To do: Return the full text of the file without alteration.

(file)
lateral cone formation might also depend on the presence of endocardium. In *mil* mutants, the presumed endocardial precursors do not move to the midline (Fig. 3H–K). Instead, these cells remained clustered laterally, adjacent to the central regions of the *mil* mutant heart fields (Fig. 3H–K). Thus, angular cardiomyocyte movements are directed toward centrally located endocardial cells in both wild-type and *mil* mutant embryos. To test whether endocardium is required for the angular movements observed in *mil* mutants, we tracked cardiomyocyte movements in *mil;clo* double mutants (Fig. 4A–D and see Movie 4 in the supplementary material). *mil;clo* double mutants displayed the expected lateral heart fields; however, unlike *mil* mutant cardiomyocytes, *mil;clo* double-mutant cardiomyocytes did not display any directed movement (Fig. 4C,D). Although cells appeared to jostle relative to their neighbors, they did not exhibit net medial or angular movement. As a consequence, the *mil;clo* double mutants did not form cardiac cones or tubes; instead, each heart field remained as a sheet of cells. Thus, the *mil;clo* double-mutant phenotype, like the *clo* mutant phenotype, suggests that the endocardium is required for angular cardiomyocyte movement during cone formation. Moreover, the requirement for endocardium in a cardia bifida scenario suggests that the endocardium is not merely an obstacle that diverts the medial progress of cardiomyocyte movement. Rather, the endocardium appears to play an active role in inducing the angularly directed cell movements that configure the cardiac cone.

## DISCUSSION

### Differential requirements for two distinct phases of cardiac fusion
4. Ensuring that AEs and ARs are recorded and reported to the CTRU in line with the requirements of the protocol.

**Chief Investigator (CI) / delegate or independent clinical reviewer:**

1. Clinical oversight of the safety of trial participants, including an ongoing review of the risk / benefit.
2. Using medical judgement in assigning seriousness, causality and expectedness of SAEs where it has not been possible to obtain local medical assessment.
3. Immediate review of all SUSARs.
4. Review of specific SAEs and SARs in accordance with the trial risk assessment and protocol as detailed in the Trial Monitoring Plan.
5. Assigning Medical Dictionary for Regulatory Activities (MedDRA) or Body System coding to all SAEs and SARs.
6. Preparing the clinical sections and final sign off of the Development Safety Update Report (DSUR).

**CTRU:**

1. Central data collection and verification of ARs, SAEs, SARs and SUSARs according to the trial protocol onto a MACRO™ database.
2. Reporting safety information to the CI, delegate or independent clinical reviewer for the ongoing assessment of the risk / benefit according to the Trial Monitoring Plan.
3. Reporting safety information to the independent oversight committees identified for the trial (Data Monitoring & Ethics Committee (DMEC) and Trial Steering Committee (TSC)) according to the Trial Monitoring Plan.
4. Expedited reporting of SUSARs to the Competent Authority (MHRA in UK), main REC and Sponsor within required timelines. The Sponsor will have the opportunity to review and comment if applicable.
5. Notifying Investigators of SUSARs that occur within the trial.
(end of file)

lateral cone formation might also depend on the presence of endocardium. In *mil* mutants, the presumed endocardial precursors do not move to the midline (Fig. 3H–K). Instead, these cells remained clustered laterally, adjacent to the central regions of the *mil* mutant heart fields (Fig. 3H–K). Thus, angular cardiomyocyte movements are directed toward centrally located endocardial cells in both wild-type and *mil* mutant embryos. To test whether endocardium is required for the angular movements observed in *mil* mutants, we tracked cardiomyocyte movements in *mil;clo* double mutants (Fig. 4A–D and see Movie 4 in the supplementary material). *mil;clo* double mutants displayed the expected lateral heart fields; however, unlike *mil* mutant cardiomyocytes, *mil;clo* double-mutant cardiomyocytes did not display any directed movement (Fig. 4C,D). Although cells appeared to jostle relative to their neighbors, they did not exhibit net medial or angular movement. As a consequence, the *mil;clo* double mutants did not form cardiac cones or tubes; instead, each heart field remained as a sheet of cells. Thus, the *mil;clo* double-mutant phenotype, like the *clo* mutant phenotype, suggests that the endocardium is required for angular cardiomyocyte movement during cone formation. Moreover, the requirement for endocardium in a cardia bifida scenario suggests that the endocardium is not merely an obstacle that diverts the medial progress of cardiomyocyte movement. Rather, the endocardium appears to play an active role in inducing the angularly directed cell movements that configure the cardiac cone.

## DISCUSSION

### Differential requirements for two distinct phases of cardiac fusion
4. Ensuring that AEs and ARs are recorded and reported to the CTRU in line with the requirements of the protocol.

**Chief Investigator (CI) / delegate or independent clinical reviewer:**

1. Clinical oversight of the safety of trial participants, including an ongoing review of the risk / benefit.
2. Using medical judgement in assigning seriousness, causality and expectedness of SAEs where it has not been possible to obtain local medical assessment.
3. Immediate review of all SUSARs.
4. Review of specific SAEs and SARs in accordance with the trial risk assessment and protocol as detailed in the Trial Monitoring Plan.
5. Assigning Medical Dictionary for Regulatory Activities (MedDRA) or Body System coding to all SAEs and SARs.
6. Preparing the clinical sections and final sign off of the Development Safety Update Report (DSUR).

**CTRU:**

1. Central data collection and verification of ARs, SAEs, SARs and SUSARs according to the trial protocol onto a MACRO™ database.
2. Reporting safety information to the CI, delegate or independent clinical reviewer for the ongoing assessment of the risk / benefit according to the Trial Monitoring Plan.
3. Reporting safety information to the independent oversight committees identified for the trial (Data Monitoring & Ethics Committee (DMEC) and Trial Steering Committee (TSC)) according to the Trial Monitoring Plan.
4. Expedited reporting of SUSARs to the Competent Authority (MHRA in UK), main REC and Sponsor within required timelines. The Sponsor will have the opportunity to review and comment if applicable.
5. Notifying Investigators of SUSARs that occur within the trial.